While initially popular outside of Hawaii and California, the show was canceled just 6 episodes into its planned 51 episode run. The reveal of the 731 report and news of the death of American missionaries in China at the hands of Japanese Buddhists led to a swift rejection of the Japanese-American detente. The tapes of the remaining 43 episodes were sent back to Toei Studios in Tokyo by MGM and all future joint projects were cancelled. The tapes were presumed destroyed during the 1982 JRA Tokyo Firebombings. However, a few episodes were discovered in a Chinese Toei warehouse in 2006. The remaining 30 episodes, including the series finale, are considered lost.
The 1970s were the age of superheroes, and even Japan was beginning to catch superhero fever. However, there were very few superheroes Japan could import due to the Cold War. The Avengers were in direct competition with Japanese superheroes in most media (Power Rangers VS Avengers animation would continue for two decades, as would Zaku vs Transformers), the X Men were also fighting Japanese and Nazis from the occasional time to time, and most DC characters were purely American.
Enter Marvel’s friendly neighborhood Spider-Man, a teenager who just swung around, fought crime, and taught that with great power came great responsibility. Japanese liberals had finally found their poster boy superhero that more popular parties could tolerate, and after months of haggling with Marvel, the live action film Spider-Man: Web of Danger came into being. The film was a huge hit within the Sphere, and Japan found themself with a case of Spider-Man fever.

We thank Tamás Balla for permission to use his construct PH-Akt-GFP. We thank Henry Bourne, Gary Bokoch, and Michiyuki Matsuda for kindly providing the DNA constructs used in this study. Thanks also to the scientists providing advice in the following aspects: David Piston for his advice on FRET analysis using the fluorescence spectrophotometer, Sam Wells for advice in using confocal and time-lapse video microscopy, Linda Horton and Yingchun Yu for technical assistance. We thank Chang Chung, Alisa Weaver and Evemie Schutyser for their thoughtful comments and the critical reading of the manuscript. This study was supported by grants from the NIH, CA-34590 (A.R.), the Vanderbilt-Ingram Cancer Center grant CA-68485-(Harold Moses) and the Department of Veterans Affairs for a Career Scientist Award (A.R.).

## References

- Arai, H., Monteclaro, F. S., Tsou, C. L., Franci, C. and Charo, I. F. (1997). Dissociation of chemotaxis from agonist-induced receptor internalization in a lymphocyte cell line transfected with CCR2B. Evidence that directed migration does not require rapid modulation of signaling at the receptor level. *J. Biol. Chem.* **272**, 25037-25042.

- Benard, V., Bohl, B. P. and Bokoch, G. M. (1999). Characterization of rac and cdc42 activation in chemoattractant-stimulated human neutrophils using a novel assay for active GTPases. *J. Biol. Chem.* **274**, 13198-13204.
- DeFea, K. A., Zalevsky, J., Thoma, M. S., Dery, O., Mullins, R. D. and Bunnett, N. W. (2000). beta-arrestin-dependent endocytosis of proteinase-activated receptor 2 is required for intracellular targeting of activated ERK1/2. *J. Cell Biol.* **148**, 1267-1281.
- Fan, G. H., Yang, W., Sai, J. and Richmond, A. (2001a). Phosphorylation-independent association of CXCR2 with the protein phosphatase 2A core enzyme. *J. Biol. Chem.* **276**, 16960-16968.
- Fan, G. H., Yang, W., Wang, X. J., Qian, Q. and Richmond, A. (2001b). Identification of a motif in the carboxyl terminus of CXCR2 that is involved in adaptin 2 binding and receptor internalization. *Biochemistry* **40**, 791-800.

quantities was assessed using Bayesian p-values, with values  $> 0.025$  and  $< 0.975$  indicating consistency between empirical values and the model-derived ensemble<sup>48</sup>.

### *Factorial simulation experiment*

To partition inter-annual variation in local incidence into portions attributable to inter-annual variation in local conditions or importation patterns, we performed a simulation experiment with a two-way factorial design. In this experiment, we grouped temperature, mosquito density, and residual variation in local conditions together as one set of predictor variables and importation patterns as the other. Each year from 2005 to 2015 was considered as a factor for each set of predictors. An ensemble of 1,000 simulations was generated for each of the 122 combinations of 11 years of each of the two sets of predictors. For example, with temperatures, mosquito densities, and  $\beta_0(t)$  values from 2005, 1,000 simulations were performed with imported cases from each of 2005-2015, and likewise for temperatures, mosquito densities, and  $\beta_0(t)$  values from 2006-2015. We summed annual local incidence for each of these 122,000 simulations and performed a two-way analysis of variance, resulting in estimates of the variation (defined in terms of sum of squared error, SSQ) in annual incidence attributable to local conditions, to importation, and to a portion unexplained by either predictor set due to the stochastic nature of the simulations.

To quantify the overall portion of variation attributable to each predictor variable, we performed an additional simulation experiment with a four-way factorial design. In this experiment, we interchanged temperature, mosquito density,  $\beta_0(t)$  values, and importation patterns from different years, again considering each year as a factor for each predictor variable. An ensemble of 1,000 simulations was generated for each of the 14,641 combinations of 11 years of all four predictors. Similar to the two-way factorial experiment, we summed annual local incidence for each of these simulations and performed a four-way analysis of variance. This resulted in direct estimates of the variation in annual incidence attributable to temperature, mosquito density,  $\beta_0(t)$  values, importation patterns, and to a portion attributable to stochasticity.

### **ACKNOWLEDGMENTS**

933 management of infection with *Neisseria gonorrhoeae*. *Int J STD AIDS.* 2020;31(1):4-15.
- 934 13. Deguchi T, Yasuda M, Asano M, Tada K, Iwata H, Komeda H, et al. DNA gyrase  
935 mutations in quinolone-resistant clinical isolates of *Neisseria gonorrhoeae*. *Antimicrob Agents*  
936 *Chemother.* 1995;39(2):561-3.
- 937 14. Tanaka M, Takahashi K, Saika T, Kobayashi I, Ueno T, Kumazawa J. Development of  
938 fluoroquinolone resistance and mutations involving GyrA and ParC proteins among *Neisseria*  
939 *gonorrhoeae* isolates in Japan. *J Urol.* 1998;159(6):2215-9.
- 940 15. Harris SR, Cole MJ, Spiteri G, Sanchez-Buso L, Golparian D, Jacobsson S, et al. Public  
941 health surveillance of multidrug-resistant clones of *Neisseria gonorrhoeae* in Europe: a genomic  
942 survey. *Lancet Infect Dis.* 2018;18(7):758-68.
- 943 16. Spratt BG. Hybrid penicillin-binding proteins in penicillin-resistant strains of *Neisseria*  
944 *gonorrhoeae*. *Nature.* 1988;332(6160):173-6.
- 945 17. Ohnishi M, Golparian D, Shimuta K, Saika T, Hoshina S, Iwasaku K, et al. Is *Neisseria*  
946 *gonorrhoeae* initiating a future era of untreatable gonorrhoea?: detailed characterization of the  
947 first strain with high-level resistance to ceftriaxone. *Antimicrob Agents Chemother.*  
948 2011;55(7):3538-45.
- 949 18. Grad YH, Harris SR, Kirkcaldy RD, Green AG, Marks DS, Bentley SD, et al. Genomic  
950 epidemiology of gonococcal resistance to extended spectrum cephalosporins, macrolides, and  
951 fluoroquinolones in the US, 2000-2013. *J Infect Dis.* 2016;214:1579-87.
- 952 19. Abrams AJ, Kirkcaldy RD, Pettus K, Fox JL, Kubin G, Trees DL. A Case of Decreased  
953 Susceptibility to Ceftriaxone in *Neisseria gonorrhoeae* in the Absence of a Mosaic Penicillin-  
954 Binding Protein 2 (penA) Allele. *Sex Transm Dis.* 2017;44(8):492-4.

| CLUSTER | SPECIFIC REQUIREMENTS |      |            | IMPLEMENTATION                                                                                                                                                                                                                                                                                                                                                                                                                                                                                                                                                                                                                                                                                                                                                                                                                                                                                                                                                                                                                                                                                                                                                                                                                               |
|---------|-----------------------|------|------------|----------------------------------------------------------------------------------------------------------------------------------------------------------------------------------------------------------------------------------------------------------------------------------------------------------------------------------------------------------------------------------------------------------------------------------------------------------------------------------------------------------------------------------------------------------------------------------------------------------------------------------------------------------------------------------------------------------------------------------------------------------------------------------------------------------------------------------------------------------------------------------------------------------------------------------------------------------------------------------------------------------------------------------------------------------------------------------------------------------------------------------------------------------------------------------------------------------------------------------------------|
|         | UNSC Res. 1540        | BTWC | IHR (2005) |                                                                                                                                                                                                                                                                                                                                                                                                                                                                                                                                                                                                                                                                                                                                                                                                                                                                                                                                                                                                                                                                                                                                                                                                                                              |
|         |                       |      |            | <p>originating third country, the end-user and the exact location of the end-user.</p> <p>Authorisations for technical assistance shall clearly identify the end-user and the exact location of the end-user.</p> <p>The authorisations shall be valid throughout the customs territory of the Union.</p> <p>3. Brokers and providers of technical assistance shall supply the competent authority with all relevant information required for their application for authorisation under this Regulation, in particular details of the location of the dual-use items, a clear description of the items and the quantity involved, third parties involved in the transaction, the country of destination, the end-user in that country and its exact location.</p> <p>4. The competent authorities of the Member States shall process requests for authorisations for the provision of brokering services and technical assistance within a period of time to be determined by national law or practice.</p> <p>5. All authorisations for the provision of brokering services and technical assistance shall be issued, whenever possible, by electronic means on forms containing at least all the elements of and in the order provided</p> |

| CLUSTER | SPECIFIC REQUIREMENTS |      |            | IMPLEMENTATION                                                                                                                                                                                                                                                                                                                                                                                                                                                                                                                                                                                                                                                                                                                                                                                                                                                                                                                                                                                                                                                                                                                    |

Cybermen take to the streets of London in DOCTOR WHO: Age of Metal. The second film of the Doctor Who film franchise made in Collaborator England, this one would receive rave reviews across the Pakt with Martin Bormann himself stating that in his own opinion the evils of the Cybermen were equivalent to communism. (He equated the Daleks themselves from the first film to his past rival’s forces, led by Hermann Göring.)
With Doctor Who being one of the few shows with a looser amount of censorship in the Pakt, it became popular rather quickly as a result. (Though German media outlets continued to claim their own works had higher ratings.)
Henry A. Wallace speaking at a high school reunion in the early 1960s, hoping to gain more support for the NPP amongst his former peers.
Henry Wallace began to rise in Iowa politics with his commentary on American agriculture through his family newspapers, especially during the Great Depression. He was considered as a possible candidate for Secretary of Agriculture during Joseph Kennedy's presidential campaign, but Kennedy considered Wallace to be too radical, despite his knowledge on agriculture and the need for reform in that sector. Because of Kennedy's disinterest in the agricultural sector, American agriculture remained stagnant throughout Kennedy's presidency, and things would only improve during the Truman and Dewey presidencies.